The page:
The debate on whether self-taught artists or artists who were formally trained are more impressive has been the topic of conversation for several decades. Especially with many gaining access to the arts, therefore having an increased amount of opportunities to experiment with different forms of self-expression, people have started to perceive art as something that is defined by the artist rather than something that can be learned or studied.
Some see self-taught artists as artists who create art without any thought or consideration for the traditional theory that can provide a foundation for artists. On the other hand, artists that have pursued formal training are criticized for conforming to the mold that art schools deem proper. These stereotypes eventually lead to an endless discussion on who is the ‘superior’ artist.
The art school offers a community in which artists can interact with people from different backgrounds, allowing them to open themselves up to the perspectives of other aspiring artists who each have their unique ways of self-expression. Through art, they get to convey their ideas and experiences to one another. As a result, when giving or receiving criticism, trained artists adopt a more considerate and open-minded attitude.
Knowledge of art history is yet another asset that an art school can offer to budding artists. Learning about the movements, styles, and artists that have helped shape art throughout history is handy when artists want to step out of their comfort zones and try a style they aren’t well-versed in. Early American painters are a great example of this: Their portraits weren't nearly as impressive as compared to Europeans because they lacked the hundreds of years of training that they had. Some Americans even traveled to receive training, but their skills as portrait painters remained fairly poor. They did have one thing, though, at which they excelled, and that was painting landscapes. These artworks represent the scene of art in the United States, where identity and aspirations were intimately connected to its beautiful landscapes.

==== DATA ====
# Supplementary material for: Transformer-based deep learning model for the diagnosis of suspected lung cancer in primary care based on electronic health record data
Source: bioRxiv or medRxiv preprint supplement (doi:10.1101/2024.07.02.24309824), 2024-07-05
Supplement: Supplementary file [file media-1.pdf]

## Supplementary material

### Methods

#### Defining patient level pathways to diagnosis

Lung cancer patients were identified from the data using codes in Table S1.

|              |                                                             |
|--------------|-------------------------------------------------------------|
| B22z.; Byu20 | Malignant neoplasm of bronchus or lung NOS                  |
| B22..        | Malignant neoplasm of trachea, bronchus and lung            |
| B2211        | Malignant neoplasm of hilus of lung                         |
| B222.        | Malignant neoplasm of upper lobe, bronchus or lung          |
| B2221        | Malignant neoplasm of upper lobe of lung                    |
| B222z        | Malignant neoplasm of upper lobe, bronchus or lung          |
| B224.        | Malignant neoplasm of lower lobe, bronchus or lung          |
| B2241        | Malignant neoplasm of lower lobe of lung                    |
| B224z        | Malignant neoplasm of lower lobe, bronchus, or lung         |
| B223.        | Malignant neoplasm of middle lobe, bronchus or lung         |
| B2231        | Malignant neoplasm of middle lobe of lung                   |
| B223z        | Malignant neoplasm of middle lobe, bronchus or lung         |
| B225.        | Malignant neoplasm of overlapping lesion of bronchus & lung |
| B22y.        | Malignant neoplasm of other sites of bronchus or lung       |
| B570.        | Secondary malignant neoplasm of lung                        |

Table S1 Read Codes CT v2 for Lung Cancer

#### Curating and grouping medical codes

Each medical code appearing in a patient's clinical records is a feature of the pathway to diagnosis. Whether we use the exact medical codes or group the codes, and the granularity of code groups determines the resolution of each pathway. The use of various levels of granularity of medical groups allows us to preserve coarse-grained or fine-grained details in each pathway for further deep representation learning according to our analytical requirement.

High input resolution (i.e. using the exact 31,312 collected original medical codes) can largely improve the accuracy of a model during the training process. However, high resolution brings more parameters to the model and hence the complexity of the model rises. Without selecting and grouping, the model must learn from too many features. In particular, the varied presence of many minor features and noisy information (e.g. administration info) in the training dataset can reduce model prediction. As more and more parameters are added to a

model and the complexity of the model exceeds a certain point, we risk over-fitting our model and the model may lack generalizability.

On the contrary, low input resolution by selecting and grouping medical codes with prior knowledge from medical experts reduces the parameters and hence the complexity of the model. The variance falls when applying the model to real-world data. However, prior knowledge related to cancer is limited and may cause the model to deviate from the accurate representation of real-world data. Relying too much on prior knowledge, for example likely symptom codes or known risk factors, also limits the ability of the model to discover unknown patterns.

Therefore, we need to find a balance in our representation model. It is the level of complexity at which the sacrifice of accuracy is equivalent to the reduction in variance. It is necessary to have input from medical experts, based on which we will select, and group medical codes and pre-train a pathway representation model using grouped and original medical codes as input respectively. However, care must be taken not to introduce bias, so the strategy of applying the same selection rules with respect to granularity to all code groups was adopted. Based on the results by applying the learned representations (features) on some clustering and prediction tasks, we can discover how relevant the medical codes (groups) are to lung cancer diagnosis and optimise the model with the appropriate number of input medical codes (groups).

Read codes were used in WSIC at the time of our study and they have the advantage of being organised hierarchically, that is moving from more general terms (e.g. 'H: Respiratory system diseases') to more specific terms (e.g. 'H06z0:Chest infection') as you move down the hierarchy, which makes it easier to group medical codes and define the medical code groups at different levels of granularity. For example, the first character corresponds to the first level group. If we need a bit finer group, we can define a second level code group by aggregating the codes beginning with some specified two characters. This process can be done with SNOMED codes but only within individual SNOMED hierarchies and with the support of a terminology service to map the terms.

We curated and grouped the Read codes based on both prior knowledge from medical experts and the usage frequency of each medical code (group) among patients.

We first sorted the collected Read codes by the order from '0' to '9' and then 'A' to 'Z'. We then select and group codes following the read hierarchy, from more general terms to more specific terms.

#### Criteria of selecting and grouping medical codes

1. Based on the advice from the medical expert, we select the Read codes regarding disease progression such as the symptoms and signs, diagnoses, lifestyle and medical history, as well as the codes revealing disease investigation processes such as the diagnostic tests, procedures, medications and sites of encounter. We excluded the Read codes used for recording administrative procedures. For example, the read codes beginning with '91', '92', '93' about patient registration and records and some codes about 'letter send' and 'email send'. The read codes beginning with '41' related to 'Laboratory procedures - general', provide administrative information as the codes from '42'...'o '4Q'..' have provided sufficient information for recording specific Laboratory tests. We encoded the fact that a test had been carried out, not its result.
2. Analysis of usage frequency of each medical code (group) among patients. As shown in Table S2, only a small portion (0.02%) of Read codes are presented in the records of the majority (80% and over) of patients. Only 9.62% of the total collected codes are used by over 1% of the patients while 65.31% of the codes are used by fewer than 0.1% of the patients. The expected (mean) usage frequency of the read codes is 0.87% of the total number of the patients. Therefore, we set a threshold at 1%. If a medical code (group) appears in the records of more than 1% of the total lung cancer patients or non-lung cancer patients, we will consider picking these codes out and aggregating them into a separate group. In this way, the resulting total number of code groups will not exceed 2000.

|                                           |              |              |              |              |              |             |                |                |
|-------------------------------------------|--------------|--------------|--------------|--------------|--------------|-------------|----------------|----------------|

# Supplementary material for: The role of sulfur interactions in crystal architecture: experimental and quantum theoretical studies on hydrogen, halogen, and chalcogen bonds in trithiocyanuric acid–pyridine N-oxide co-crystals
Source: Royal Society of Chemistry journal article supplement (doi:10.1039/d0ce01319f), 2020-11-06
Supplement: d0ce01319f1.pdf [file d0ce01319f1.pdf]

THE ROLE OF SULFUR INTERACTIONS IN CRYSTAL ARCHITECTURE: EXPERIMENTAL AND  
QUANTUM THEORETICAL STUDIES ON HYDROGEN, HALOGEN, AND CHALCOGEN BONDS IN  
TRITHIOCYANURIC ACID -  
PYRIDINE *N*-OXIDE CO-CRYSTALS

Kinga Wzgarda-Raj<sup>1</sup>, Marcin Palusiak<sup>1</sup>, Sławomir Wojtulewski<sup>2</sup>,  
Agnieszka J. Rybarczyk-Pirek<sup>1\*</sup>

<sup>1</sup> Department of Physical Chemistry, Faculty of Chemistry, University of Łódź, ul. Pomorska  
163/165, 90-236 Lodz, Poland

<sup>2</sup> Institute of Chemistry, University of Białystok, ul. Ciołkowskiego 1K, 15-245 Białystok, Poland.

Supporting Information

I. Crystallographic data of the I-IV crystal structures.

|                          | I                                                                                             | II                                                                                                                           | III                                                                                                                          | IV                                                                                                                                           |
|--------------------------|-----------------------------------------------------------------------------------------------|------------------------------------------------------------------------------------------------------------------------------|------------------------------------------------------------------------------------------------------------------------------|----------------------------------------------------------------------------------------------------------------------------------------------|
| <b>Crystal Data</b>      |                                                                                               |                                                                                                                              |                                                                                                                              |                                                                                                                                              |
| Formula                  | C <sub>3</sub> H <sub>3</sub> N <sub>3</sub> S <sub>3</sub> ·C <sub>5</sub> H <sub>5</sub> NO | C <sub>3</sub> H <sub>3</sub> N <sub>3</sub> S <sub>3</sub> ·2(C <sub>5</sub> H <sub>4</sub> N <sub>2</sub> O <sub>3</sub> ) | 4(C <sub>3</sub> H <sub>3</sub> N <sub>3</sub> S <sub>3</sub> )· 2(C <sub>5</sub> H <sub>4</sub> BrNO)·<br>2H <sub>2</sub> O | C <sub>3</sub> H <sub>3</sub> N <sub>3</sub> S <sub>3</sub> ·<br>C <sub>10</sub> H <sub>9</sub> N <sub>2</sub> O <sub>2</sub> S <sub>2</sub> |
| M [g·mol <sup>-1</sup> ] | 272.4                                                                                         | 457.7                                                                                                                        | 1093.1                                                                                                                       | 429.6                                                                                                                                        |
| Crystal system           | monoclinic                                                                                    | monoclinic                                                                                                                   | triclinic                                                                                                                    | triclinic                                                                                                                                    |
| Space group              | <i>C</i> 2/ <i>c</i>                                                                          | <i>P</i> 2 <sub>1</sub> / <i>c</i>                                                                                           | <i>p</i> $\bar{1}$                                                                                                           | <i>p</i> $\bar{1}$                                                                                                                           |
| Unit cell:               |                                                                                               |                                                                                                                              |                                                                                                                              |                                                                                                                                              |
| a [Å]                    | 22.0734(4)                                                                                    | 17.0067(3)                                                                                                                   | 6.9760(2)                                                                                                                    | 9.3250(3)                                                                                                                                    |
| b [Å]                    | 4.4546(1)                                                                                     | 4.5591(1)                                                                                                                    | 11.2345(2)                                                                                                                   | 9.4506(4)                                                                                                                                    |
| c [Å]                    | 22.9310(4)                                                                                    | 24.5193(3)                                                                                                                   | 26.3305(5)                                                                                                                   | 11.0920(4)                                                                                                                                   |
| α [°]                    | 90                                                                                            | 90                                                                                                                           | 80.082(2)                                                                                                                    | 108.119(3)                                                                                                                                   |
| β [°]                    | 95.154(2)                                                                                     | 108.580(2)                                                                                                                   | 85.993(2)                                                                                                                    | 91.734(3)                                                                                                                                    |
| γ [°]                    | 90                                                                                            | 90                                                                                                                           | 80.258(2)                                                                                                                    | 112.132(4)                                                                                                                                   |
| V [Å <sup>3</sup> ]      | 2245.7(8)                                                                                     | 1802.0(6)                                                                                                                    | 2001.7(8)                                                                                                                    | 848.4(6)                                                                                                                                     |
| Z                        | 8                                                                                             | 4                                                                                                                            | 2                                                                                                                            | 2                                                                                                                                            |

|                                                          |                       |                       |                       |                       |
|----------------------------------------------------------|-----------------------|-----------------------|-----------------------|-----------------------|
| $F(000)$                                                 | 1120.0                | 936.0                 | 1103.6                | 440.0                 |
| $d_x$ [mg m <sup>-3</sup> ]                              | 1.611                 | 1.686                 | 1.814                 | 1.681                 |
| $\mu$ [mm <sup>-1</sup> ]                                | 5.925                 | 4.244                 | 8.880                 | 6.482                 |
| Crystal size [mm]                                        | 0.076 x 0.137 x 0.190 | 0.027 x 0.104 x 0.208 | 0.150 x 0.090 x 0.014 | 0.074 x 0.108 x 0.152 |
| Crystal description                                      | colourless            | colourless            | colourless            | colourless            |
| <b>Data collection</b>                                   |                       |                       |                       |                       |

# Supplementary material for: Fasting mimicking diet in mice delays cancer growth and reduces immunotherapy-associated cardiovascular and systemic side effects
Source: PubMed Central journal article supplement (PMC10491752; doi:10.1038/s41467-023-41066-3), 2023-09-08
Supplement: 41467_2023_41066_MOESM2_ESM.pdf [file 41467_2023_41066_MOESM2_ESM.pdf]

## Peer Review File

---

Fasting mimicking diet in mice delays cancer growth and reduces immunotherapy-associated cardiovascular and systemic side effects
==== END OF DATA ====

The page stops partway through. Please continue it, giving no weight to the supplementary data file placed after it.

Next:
Sure, formal art education has its advantages, but is it really a requirement for becoming a good artist? There is an infinite number of well-known artists who would argue that it isn’t. Many would argue that art school stifles an artist's creativity by forcing them to conform to the societally acceptable notion of what an artist should be like by restricting the ways they can display their talents. While not understanding art history has its disadvantages, it does not lessen the creative worth of artwork or label an artist as an amateur.
One of the most influential post-impressionist artists, Henri Rousseau, had no academic training in the arts. He didn't start painting until he was forty. He worked as a clerk for most of his adult life. Despite continual mockery from critics throughout his life, he eventually gained success and recognition for his creations. His most well-known works portray jungle scenes. He stated he had "no teacher other than nature," once again, highlighting that he was self-taught. Other well-known names who have had a significant impact on the arts include Vincent Van Gogh, Frida Kahlo, and Bill Traylor.
Due to advanced technologies and the faster dissemination of information, it is difficult to notice the line that separates trained and untrained artists. It doesn't matter if someone is self-taught or trained; as long as they have the will and the determination, they can become an artist.
Mann, Jon. “8 Famous Artists Who Were Self-Taught | Artsy.” 8 Famous Artists Who Were Self-Taught | Artsy, 25 May 2018, www.artsy.net/article/artsy-editorial-8-famous-artists-self-taught.
“The Self Taught Artist VS Trained Artists | Art With Marc.” Art With Marc , 25 Feb. 2020, www.artwithmarc.com/the-self-taught-artist-vs-trained-artists.
“Henri Rousseau - Wikipedia.” Henri Rousseau - Wikipedia , 7 Aug. 2012, en.wikipedia.org/wiki/Henri_Rousseau.